SQL Server databases are among the most widely used, in part due to the ease with which they are created and maintained. Along with a free graphical user interface (GUI) like SQL Server Management, you don't have to mess with commands through the Command Prompt. Continue reading Step 1 below to create a database in minutes and start entering your data.
Step 1. Install the SQL Server Management Studio software
This software is free to download from the Microsoft website, and provides the ability to connect to and manage a SQL server through a graphical interface, rather than the command prompt.
- To be able to connect to an external SQL server, you need this or equivalent software.
- If you have a Mac, you can use open source software such as DbVisualizer or SQuirreL SQL. The interfaces are different, but the principles are the same.
- See wikiHow for articles on creating databases using command prompt tools.
Step 2. Start SQL Server Management Studio
When you start the program for the first time, you will be asked which server you want to connect to. If you already have a server running and the rights to connect to it, you can enter the server address and login details. If you want to create a local database, enter a. as the name for the database and set the login method as "Windows Authentication".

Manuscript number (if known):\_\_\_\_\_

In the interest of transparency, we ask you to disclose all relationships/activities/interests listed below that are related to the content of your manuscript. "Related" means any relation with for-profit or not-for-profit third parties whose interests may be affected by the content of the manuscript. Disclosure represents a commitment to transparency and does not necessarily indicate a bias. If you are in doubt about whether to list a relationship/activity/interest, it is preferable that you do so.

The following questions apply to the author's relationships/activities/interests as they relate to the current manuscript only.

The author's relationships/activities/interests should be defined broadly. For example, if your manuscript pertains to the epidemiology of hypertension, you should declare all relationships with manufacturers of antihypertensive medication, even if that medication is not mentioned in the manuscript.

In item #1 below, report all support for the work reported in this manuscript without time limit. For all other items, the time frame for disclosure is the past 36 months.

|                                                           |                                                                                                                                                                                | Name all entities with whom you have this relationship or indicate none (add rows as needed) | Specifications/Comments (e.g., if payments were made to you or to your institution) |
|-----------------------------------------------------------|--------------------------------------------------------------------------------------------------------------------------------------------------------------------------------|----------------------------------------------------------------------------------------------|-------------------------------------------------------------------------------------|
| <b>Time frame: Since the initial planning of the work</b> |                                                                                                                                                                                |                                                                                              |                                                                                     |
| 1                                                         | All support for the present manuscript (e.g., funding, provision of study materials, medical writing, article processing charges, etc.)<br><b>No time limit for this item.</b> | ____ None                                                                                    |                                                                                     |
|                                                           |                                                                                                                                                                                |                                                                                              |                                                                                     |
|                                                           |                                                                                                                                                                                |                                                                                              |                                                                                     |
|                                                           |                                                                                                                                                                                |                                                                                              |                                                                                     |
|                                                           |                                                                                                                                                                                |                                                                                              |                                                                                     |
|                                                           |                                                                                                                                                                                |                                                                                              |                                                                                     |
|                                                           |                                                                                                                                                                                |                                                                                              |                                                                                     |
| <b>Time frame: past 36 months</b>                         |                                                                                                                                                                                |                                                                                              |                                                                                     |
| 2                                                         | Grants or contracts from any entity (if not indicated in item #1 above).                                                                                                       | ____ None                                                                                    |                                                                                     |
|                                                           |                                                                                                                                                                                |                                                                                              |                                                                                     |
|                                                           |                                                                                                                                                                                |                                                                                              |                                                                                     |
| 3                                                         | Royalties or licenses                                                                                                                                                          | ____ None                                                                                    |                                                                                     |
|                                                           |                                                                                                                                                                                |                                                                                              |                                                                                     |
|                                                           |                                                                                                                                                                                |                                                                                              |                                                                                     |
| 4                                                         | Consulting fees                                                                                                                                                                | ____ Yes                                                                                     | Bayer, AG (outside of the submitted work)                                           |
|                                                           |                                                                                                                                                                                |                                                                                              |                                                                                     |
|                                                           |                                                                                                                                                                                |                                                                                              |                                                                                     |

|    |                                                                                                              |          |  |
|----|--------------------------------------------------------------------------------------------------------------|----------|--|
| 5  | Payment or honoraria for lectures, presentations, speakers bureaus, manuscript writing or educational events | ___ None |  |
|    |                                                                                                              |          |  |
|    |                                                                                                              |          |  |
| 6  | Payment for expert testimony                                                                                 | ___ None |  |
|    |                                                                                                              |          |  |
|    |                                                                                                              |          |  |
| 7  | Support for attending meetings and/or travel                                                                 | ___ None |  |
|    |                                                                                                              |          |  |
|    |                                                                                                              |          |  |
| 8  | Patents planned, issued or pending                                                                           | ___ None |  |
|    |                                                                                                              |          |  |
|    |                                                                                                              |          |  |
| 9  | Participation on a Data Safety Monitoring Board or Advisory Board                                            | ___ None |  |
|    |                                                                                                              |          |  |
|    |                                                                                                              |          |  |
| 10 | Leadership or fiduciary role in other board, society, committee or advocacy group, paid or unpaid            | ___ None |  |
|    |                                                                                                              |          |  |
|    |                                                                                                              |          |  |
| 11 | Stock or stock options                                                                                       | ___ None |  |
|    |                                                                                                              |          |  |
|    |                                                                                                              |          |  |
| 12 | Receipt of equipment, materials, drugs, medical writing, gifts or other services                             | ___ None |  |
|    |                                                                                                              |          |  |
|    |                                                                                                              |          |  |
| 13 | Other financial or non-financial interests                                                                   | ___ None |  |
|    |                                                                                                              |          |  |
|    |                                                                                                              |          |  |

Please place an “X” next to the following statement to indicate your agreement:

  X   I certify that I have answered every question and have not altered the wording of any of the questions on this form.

Click Connect to continue
Step 3. Locate the Databases folder
After connecting to the server, local or remote, the Object Explorer window will open on the left side of the screen. At the top of the Object Explorer tree you will find the server you are connected to. If it isn't expanded, click on the "+" next to it. Now you have found the Databases folder.
Step 4. Create a new database
Right click on the Databases folder and select "New Database…". A window will appear, allowing you to configure the database before configuring it. Give the database a name that allows you to recognize it. Most users can leave the rest of the settings as they are.
- You will notice that if you enter the name of the database, two additional files will be created: the Data and Log file. The data file contains all the data of your database and the log file keeps track of changes to the database.